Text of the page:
Nova Scotia

Halifax man believes his experiences in Uniacke Square will help him aid children in Romania

As a black man living in Halifax's Uniacke Square, Trayvone Clayton feels the stigmatization of others who look down on his neighbourhood. It's an experience the Saint Mary's student believes will allow him to empathize with orphans and foster children in Romania this June.

'I just want to share my life experience with them ... and make them push through theirs as well'

Trayvone Clayton and his father, Marcus James, viewing pictures of some of Trayvone's close friends who were shot to death in Halifax. (Steve Lawrence/CBC News)

As a 19-year-old black man living in the Halifax public housing complex of Uniacke Square, Trayvone Clayton has lost friends to gun violence and feels the stigmatization of others who look down on his neighbourhood.

It's an experience the Saint Mary's University student believes will allow him to empathize with the children he plans to visit in Romania this June. It's part of a volunteer project to help foster kids and orphans with their English and computer skills.

"Coming from Uniacke Square, being black, I get judged," Clayton said in an interview. "I'm looked at differently because of my skin colour.

"I just want to share my life experience with them, what I've been through, and make them push through theirs as well."

Breaking the cycle

The project is organized by Venture 2 Impact, a group started in 2006 to help communities globally break the cycle of poverty.

Clayton learned about the project from Brent Martindale, a teammate of his on the Saint Mary's basketball team who went on the trip last year and is going again this year.

Clayton grew up in Uniacke Square in Halifax (Steve Lawrence/CBC News)

Martindale spoke so highly of the experience that Clayton decided he wanted to go too. He's now fundraising for the $5,000 trip, which will last a week to 10 days.

"He told me how they're judged because [of] what they are, what they've been through," Clayton said.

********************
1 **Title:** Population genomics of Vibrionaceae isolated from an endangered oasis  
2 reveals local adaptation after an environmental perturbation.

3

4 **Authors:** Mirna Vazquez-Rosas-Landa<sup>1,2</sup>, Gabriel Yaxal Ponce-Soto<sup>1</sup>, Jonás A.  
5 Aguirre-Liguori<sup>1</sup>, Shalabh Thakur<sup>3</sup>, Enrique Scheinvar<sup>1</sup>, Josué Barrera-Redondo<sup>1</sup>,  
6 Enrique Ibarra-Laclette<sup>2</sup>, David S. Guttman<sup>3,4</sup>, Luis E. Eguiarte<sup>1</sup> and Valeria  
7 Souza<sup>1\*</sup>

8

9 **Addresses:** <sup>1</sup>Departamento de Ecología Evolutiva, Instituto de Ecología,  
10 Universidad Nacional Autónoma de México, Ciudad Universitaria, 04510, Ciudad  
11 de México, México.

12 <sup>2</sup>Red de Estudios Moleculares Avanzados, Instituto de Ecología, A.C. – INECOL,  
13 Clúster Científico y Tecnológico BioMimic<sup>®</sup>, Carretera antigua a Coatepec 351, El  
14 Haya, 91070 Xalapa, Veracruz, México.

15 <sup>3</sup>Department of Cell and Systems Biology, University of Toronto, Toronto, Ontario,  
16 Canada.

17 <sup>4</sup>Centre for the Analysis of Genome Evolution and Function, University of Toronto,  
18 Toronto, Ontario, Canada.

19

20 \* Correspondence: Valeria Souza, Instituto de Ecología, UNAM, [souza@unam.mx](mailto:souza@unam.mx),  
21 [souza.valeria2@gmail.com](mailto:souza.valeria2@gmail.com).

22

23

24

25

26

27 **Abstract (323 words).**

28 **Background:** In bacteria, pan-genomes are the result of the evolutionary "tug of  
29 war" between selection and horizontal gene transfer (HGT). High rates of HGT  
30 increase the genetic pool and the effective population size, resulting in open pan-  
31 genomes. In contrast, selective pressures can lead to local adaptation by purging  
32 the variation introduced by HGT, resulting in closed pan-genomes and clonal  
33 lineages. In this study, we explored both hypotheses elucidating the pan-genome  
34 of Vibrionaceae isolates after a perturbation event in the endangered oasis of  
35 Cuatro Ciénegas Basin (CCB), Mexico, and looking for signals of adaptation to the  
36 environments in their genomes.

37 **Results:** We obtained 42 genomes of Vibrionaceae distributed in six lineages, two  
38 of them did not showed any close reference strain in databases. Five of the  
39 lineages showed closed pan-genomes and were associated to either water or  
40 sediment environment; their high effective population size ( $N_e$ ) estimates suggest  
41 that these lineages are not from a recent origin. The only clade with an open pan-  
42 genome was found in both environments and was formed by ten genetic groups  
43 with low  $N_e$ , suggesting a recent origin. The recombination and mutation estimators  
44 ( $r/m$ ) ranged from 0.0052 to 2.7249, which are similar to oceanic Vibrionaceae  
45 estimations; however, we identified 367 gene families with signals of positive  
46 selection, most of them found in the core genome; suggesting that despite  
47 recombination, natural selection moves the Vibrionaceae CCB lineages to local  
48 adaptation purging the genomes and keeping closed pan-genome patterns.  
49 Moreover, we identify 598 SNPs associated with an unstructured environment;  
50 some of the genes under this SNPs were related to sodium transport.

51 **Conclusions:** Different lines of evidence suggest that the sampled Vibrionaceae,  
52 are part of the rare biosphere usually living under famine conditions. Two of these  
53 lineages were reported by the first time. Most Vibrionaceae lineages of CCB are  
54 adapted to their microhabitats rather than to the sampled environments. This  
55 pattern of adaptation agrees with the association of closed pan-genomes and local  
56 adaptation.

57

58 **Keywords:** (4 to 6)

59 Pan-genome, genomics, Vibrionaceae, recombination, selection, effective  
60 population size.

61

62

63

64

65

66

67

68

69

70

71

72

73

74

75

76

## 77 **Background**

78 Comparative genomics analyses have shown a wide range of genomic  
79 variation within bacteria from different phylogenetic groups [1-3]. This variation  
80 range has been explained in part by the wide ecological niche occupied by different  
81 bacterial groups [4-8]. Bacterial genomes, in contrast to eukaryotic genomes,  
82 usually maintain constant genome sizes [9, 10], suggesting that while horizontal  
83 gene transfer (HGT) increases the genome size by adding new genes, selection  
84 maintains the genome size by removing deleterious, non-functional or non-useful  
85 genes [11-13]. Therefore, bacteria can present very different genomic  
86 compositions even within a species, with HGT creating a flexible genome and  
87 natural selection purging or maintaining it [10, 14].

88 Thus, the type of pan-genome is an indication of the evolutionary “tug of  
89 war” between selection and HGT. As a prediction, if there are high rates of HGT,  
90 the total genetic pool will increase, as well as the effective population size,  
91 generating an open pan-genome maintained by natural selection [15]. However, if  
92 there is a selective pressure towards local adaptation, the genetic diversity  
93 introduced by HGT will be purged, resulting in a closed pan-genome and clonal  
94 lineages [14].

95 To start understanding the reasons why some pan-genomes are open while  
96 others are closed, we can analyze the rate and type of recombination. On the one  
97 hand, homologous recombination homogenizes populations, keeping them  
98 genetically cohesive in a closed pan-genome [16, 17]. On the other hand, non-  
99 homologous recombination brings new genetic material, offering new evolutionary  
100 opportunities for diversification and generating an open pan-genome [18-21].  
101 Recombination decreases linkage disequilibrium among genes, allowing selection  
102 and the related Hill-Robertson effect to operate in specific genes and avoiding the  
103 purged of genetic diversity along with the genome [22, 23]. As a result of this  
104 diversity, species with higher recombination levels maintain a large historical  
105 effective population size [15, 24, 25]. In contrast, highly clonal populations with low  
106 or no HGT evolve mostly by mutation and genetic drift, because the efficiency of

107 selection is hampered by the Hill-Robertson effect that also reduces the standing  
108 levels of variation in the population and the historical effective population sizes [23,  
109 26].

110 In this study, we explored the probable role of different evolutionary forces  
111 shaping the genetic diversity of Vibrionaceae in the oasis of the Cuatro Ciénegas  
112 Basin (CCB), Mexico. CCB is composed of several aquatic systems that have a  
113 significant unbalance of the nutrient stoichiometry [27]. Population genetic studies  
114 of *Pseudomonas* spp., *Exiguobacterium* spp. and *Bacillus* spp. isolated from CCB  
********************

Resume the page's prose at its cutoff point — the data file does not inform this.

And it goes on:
2 fatal shootings

Clayton has faced heartache in his area of Halifax. One of his close friends, 21-year-old Jaumar (Maury) Carvery, was fatally shot 10 years ago this week.

"Maury Carvery, he was killed in this neighbourhood," Clayton said. "I [saw] bad things so I learned from them. I don't want to go down that path. I want to go a different way. So I picked the right people to hang around." 

Clayton is shown standing beside a memorial for his friend Tyler Richards, who was fatally shot in Halifax in April 2016. (Trayvone Clayton)

Clayton's basketball mentor, 29-year-old Tyler Richards, was also shot to death, in April 2016. Richards, a former St. Francis Xavier University basketball star and ex-Halifax Rainmen player, was found dead in a house on Cook Avenue in Halifax.

"Maury and Tyler were more like role models to me, they were like older brothers," Clayton wrote in an email. "They did some illegal things but they were the ones that kept me from that."

'He's that kind of guy'

Clayton is in his first year of studying criminology at Saint Mary's and has started his summer job doing landscaping for a local business.

Jonah Taussig, the head coach for Saint Mary's University men's basketball team, described Clayton as friendly, hardworking and charismatic.

Trayvone Clayton with his late Citadel High School principal Wade Smith at Clayton's high school graduation in 2016. Smith died from cancer in 2017. (Trayvone Clayton)

"When he stepped forward and wanted to … get out of his comfort zone and head to Romania for a week or 10 days in the summer to volunteer, it honestly didn't really surprise me," Taussig said.

"He's that kind of guy that's willing to do things and take chances and try to better himself and also try to better the world around him."

On May 18, Clayton and other members of the Saint Mary's University basketball team are holding a one-day basketball camp for youth at the university to help raise money for Clayton and Martindale's trip.

About the Author

Sherri Borden Colley has been a reporter for more than 20 years. Many of the stories she writes are about social justice, race and culture, human rights and the courts. To get in touch with Sherri email